A relativistic jet is emitted from the poles of the accretion disc. The jet is like a lighthouse beam, concentrating the light because it is approaching us at relativistic velocity and thus beaming the signal strongly in the direction of movement. Depending on how well the jet is aligned relative to our line of sight, we can be deeper inside the core of the beam and see increasingly extreme properties. Broadly speaking, objects are radio quiet if the jet is not aligned in our direction and radio loud if it is. Blazars (sometimes denominated ‘Optically Violent Variables’, or OVVs) are the small fraction of objects in which we see into the throat of the jet itself. They show particularly violent variability, plus other properties such as high and variable polarisation. At redshift 0.306 and 1.9 degrees to our line-of-sight, OJ 287’s relativistic jet is positioned such that we can see further down its throat than in the case of any other object. Some blazars have a jet at a smaller angle but are more distant, so we do not see as far down the throat. For example, quasar 0642+449 has its jet aligned at just 0.8 degrees, but it is at redshift 3.396 (Savolainen et al., 2010).6


Periodicity vs pseudo-periodicity

Periodicity analysis is a powerful tool to investigate processes in a wide range of astrophysical objects. Many types of periodicity exist in the world of variable stars: pulsational, vibrational, rotational, and orbital. Periodicity is not a significant element of quasar light curves, although a long and sometimes bitter debate raged about it from the 1960s to 1980s. However, there are many cases of what appear to be short-term periodic signals in quasar light curves. Such pseudo-periodicities, often referred to as Quasi-Periodic Oscillations (QPOs), have been largely ignored until quite recently but carry potentially valuable information about the mechanisms that generate them in the quasar.
What do we mean by pseudo-periodicity? Periodicity is a predictable, repeated signal that appears or reproduces at an exactly defined interval. Examples are Cepheid variables, pulsars, Algol-type variables and RS CVn stars. In many cases, such as Cepheids and Algol types, the light curve repeats exactly every period. In other cases, such as pulsars, even though the period is exactly repeating, the amplitude may vary. In all cases, we see a regular period because there is an underlying astrophysical process repeating in a precise pattern. This may be the oscillation of a star, the orbit of two stars about their common centre of gravity, or the rotation of a star that reveals and hides massive starspots.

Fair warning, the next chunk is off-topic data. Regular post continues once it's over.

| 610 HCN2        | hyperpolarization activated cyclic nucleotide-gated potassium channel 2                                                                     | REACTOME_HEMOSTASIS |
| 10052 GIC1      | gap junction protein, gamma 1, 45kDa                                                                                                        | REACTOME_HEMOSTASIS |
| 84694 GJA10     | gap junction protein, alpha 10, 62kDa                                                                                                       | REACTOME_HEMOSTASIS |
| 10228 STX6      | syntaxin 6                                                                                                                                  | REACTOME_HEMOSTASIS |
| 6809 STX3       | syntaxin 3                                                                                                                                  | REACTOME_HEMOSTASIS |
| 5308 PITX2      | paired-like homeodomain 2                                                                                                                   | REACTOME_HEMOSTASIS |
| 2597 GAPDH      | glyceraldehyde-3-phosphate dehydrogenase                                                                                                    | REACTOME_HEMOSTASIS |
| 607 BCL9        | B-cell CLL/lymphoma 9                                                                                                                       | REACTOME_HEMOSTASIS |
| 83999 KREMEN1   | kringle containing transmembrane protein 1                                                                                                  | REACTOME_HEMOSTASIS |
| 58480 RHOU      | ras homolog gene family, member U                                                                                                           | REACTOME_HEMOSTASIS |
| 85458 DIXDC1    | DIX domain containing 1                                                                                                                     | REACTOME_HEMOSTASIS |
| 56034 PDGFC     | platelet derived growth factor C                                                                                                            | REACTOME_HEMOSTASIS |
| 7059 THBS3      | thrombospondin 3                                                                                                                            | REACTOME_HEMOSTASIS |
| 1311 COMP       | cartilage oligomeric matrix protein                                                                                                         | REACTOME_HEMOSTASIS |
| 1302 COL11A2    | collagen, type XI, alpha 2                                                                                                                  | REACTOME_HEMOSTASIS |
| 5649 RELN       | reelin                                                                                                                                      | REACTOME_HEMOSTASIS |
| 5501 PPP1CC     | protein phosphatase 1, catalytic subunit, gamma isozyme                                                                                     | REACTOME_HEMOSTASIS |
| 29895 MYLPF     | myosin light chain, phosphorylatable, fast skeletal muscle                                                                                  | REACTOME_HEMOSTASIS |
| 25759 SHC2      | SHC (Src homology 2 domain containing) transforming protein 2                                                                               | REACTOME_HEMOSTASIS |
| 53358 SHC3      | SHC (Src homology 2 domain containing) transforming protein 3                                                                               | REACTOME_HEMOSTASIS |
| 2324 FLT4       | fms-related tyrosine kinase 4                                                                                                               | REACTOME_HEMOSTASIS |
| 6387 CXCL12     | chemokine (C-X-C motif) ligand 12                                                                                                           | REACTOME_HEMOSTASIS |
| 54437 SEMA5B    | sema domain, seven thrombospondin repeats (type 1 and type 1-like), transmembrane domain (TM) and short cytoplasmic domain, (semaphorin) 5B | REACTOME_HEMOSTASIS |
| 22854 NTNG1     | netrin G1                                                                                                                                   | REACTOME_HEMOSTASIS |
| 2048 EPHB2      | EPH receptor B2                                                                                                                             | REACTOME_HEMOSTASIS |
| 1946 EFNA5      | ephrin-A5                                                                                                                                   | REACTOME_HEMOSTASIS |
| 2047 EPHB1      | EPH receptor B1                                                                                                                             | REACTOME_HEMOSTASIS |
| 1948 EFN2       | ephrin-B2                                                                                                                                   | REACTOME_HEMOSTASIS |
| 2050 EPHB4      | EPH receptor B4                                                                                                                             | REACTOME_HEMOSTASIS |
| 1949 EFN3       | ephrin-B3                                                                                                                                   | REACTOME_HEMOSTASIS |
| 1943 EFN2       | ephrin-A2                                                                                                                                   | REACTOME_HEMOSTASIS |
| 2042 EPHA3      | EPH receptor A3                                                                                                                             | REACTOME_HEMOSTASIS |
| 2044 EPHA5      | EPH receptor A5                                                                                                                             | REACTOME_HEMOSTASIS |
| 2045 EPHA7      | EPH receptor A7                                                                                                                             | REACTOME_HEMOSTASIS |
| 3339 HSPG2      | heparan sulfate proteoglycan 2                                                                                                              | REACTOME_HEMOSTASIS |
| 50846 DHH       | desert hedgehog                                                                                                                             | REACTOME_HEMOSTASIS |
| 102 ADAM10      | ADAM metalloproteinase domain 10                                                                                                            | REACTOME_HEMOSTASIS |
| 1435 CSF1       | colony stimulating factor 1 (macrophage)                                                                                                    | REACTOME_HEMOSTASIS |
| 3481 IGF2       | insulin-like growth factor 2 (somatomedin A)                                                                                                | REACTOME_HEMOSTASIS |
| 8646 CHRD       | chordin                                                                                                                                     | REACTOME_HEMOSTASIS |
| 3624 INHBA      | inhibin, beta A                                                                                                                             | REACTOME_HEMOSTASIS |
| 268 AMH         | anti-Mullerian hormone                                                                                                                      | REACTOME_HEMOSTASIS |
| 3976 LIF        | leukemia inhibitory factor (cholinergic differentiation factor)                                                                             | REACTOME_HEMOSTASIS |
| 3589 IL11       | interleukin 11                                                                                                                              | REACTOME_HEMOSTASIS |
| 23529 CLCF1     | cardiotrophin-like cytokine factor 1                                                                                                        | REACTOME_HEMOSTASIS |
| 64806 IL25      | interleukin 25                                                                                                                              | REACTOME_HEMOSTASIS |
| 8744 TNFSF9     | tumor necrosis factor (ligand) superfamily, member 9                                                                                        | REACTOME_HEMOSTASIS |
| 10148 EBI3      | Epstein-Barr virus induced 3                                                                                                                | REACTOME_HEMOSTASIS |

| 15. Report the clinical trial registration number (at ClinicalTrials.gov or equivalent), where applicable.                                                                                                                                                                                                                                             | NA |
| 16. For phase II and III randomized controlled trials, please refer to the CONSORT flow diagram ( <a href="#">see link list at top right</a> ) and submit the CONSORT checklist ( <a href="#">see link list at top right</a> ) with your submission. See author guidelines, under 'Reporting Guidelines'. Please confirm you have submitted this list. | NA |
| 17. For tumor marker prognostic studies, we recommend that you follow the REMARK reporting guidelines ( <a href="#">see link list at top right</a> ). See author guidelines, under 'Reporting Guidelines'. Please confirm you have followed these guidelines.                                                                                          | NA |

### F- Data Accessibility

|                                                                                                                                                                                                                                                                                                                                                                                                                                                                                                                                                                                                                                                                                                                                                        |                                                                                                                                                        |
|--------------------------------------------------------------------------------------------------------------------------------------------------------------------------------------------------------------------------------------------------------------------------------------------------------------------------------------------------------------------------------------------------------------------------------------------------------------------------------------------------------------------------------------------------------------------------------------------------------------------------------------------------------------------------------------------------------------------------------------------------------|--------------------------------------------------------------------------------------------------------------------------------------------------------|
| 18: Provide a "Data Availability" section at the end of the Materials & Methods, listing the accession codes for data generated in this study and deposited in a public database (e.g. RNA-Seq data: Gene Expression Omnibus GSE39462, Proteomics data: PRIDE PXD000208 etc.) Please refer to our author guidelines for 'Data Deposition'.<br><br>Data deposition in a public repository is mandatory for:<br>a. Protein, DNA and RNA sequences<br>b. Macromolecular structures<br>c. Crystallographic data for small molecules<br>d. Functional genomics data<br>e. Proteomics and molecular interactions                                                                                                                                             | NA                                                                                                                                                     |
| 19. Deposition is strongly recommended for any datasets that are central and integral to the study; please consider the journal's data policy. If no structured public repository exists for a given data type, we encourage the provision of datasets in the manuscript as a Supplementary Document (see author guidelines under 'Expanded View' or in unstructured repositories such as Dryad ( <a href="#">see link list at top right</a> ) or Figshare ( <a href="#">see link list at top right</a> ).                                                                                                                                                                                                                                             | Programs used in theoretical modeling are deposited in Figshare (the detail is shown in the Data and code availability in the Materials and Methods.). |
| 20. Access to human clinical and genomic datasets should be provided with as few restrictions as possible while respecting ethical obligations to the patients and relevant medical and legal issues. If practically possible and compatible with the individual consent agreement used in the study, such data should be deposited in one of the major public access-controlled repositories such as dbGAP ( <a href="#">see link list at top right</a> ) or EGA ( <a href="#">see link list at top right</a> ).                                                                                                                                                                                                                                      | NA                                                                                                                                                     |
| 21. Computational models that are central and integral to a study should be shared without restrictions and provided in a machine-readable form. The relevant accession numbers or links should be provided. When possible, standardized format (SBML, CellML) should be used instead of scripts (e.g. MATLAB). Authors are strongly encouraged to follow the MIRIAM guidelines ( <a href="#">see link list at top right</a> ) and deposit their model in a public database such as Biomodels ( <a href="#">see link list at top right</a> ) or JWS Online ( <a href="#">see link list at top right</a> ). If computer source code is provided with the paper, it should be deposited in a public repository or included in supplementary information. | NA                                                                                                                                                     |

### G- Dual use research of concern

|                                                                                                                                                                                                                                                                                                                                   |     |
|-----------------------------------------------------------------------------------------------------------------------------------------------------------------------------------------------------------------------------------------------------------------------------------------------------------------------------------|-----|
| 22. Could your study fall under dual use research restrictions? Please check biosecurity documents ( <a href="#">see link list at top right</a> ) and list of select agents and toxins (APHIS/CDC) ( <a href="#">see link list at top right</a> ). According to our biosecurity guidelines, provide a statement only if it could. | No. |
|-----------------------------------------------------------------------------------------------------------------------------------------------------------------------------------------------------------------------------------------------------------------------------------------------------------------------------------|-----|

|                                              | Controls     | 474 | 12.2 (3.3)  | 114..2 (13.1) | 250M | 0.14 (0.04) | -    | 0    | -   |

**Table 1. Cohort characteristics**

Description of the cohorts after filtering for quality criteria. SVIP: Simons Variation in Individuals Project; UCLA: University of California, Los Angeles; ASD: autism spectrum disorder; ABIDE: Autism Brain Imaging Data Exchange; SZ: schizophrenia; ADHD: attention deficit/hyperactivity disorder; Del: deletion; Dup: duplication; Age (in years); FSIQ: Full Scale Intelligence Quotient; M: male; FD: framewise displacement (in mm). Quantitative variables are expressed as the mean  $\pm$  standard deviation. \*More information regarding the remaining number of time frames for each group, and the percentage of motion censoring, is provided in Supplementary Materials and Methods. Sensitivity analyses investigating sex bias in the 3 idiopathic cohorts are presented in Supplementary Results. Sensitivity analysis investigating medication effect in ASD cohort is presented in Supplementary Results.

In contrast, pseudo-periodicity is an apparently periodic variation, often of highly variable amplitude, which appears and disappears at random moments and, usually, does not repeat. It is a temporary, unstable period with little or no predictive power other than in the short term because it may disappear at any moment and not reappear. As such, it is frustrating for the observer because just when you think that you are seeing what appears to be a cyclical variation, it disappears. You can never be certain whether it is a genuine signal, or just a result of random variations that seem to stabilise briefly, mimicking periodicity. For this reason, unless there are multiple cycles of the variation, it is not reasonable to claim that there is even a temporary periodic signal in the light curve. A further complication in the detection and analysis of QPOs is that they are superimposed on other variations in the blazar, which may mask them in the light curve.

Periodicity vs random behaviour in quasar light curves
Between the 1960s and 1980s, many studies undertook periodicity analysis of quasar light curves, resulting in many claims of periodic and possible periodic behaviour. Often the claimed ‘period’ was based on a data sample little longer than the light curve itself, limiting its credibility. However, there were some cases of more credible possible periodicities that led to considerable debate. Two of the earliest and best-documented cases concerned 3C 273 and 3C 345.
Immediately after the identification of 3C 273, it became apparent that this bright (magnitude 13) source exists in hundreds of pre-discovery Harvard plate collection images. This allowed a light curve to be constructed from 1885 showing slow variations with a maximum amplitude of ~1.5 magnitudes. Attention focused rapidly on a particularly well-covered epoch between the 1920s and 1940s that showed what appeared to be an almost perfect sinusoidal variation with a period of 13 years (Smith, 1968).7 A frequently heated debate grew between groups who found this period throughout the full light curve (e.g. Ozernoy, Gudzenko & Chertoprud, 1977) and those who believed it to be a single, random event in a light curve dominated by random processes (e.g. Fahlman & Ulrich, 1976).8,9 It is now accepted that the apparently sinusoidal variation was, indeed, a random event that has not repeated since.

3C 345 was recognised in 1965 and was one of the first quasars to be identified showing rapid, violent variations in its visible light curve. A three-year light curve study by Tom Kinman and colleagues at Lick Observatory (Kinman et al., 1968) showed regular flares occurred every 80 days.10 Over the course of their study, nine were observed; what was particularly interesting was the amplitude remained remarkably constant even though the base level of the light curve from which they occurred varied considerably. Kinman et al. waited until they were certain of the reality of the periodicity before publishing but, even so, the 80-day cycle disappeared even before the paper appeared in print!